Bryant, 2010 U.S. App. LEXIS 8657 at *11. The court noted in a footnote a number of prior decisions at the district court level that had similar holdings in the context of music albums,[1] as well as similar decisions in other contexts.[2]

The Second Circuit distinguished two of its prior decisions in which individual works within a compilation were subject to separate statutory damages awards. The court noted that in each case, the plaintiff copyright holder had issued the individual works separately and the defendant had created the compilation at issue. See Twin Peaks Prods., Inc. v. Publ’ns. Int’l Ltd., 996 F.2d 1366, 1381 (2d Cir. 1993) (television program episodes issued sequentially at different times and defendant combined teleplays into one book); WB Music Corp. v. RTV Comm. Group, Inc., 445 F.3d 538, 541 (2d Cir. 2006) (plaintiff’s separately issued songs were combined into an album by defendant). By contrast, the Second Circuit held that “[h]ere, it is the copyright holders who issued their works as ‘compilations’; they chose to issue Albums. In this situation, the plain language of the Copyright Act limits the copyright holders’ statutory damages award to one for each Album.” Bryant, 2010 U.S. App. LEXIS 8657 at *12-13.

Second Circuit Rejects “Independent Economic Value” Test

The Second Circuit rejected the “independent economic value” test applied by other circuit courts in determining whether a compilation of separately copyrighted works is subject to one or more statutory damages awards.[3] The court found the independent economic value of an individual work within a compilation irrelevant to the determination of statutory damages for infringement of the compilation.

Bryant and Bernfeld argued that because internet customers could listen to and purchase copies of each independently copyrighted song, each song had “independent economic value” and therefore should be subject to separate statutory damages awards. The appellants argued that the “independent economic value” test is particularly appropriate in the context of musical albums, where infringers may easily convert an album to digital form and sell individual tracks separately.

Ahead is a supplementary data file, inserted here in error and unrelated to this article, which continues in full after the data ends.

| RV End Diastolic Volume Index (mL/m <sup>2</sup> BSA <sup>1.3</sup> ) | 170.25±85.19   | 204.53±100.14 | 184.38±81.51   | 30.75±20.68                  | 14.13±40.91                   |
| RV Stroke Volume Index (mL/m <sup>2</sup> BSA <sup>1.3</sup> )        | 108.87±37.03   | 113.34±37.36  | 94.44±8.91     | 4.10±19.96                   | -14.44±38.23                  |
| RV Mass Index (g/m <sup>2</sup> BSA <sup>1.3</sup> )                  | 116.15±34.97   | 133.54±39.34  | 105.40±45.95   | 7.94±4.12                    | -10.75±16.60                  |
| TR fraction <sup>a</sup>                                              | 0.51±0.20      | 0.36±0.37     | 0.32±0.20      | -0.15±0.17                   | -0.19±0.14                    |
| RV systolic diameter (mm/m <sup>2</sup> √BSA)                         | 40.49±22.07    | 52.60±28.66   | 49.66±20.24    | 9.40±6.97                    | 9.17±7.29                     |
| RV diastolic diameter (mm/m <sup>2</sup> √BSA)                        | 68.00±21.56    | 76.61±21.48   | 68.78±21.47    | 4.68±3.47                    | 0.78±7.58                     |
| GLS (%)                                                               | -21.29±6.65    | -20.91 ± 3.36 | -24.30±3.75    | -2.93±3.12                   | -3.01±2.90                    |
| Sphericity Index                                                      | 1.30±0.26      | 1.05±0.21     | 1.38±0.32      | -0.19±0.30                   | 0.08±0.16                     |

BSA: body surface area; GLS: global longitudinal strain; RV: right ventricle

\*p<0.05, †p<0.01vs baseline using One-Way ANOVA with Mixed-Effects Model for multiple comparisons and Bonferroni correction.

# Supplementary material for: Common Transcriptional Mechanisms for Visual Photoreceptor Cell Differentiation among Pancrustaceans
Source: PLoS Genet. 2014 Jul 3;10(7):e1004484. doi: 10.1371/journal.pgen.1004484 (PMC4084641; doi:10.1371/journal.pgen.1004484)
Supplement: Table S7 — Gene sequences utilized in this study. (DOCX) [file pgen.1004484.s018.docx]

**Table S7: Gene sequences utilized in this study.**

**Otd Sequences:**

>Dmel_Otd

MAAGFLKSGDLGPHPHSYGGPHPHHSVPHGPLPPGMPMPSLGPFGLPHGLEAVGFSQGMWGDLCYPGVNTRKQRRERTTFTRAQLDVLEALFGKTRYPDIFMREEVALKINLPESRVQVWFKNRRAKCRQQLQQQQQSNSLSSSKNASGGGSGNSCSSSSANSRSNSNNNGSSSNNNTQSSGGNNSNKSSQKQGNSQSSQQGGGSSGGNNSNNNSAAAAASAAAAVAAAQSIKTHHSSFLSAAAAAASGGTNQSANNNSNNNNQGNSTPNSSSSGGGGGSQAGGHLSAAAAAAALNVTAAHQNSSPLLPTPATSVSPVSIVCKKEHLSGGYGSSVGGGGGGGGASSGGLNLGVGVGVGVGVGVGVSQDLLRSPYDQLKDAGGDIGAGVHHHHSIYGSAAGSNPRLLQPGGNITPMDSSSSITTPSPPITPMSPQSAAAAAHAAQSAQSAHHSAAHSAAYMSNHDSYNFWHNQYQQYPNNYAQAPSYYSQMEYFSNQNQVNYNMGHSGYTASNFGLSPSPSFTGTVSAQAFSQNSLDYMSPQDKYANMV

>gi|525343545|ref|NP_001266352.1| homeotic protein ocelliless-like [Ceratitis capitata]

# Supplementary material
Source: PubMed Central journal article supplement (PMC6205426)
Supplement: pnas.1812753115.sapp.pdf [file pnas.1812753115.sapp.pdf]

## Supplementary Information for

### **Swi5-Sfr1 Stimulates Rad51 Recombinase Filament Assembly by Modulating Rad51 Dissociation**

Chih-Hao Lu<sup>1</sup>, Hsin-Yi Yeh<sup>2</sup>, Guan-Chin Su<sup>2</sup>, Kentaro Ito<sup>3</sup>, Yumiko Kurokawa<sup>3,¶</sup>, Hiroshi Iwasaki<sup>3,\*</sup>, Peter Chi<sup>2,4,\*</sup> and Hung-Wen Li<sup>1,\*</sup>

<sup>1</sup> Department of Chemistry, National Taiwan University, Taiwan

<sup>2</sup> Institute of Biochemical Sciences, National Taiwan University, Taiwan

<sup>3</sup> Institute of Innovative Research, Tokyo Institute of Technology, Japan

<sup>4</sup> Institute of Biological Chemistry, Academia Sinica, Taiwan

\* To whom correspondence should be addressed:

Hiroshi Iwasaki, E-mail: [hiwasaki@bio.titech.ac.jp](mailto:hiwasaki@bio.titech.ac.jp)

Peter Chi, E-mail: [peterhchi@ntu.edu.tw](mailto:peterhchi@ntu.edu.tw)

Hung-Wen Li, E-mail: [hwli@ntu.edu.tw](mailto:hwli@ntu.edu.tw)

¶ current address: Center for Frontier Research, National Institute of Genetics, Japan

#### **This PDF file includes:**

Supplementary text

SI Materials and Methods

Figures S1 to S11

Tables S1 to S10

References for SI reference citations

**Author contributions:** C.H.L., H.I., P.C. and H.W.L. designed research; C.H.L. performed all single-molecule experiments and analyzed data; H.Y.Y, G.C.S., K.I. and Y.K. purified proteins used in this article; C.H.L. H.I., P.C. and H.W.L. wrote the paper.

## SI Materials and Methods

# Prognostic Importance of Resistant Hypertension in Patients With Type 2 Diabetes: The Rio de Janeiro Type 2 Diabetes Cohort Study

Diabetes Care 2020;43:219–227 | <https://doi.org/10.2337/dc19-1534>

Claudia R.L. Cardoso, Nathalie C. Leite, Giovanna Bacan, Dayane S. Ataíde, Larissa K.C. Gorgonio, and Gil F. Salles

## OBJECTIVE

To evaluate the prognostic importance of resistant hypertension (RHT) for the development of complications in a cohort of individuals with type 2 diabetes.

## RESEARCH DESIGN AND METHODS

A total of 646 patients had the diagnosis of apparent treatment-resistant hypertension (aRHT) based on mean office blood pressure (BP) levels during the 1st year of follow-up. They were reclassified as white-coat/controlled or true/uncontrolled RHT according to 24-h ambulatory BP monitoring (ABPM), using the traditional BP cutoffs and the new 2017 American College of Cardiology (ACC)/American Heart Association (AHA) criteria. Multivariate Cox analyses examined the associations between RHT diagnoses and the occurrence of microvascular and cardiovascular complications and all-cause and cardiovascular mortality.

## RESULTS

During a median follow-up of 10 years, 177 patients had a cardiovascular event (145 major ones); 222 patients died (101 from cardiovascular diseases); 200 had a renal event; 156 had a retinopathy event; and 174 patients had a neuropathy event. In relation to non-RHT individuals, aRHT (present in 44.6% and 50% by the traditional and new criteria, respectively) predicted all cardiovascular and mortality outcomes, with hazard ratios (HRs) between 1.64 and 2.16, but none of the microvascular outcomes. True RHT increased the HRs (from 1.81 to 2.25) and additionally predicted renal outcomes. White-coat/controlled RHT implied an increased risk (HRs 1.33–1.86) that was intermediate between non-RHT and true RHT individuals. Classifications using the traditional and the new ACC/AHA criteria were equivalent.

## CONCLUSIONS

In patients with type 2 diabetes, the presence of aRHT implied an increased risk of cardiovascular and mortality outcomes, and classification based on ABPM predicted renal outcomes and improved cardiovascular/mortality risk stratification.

The Second Circuit held that the “independent economic value” test is inconsistent with the plain language of the Copyright Act, which “provides no exception for a part of a compilation that has independent economic value….We cannot disregard the statutory language simply because digital music has made it easier for infringers to make parts of an album available separately.” Bryant, App. LEXIS 8657 at *16-17.

Calculation of Statutory Damages and Award of Fees

The Second Circuit upheld the district court’s calculation of statutory damages and finding that neither of the appellees acted willfully and that Orchard acted innocently. The court held that the district court did not abuse its “wide discretion” in setting the statutory fee award at a total of $2,400 given that the profits from the infringement were meager and deterrence was achieved because the defendants-appellees paid their own attorneys’ fees.

The Second Circuit also held that the district court did not abuse its discretion under Section 505 of the Copyright Act in denying the appellants their attorneys’ fees. The Second Circuit noted that the defendants-appellees made a settlement offer of $3,000 which the appellants rejected, notwithstanding evidence that the defendants-appellees had received less than $600 in revenue from the infringing sales.

Impact on Moving Forward

Given the Second Circuit’s emphasis on the manner in which a plaintiff chooses to distribute his or her works, it is unclear to what extent this decision would apply to a case in which single track downloads are made available by a copyright holder. This may be a point of emphasis as lower courts seek to apply this ruling to the commercial realities of music distribution through iTunes and other internet-based music retailers as well as streaming music sites.

It is not immediately clear whether other circuits will adopt this ruling, or whether other courts may instead choose to apply the “independent economic value” test to music albums. Given the possibility of a circuit split regarding statutory damages for music albums, the most immediate impact may be that plaintiffs seeking statutory damages may seek to avoid the Second Circuit.[4]